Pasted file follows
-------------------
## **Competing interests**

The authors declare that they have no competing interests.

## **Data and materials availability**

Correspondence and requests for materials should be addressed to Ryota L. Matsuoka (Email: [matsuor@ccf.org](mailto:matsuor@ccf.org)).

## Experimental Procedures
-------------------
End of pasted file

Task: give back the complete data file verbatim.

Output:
## **Competing interests**

The authors declare that they have no competing interests.

## **Data and materials availability**

Correspondence and requests for materials should be addressed to Ryota L. Matsuoka (Email: [matsuor@ccf.org](mailto:matsuor@ccf.org)).

## Experimental Procedures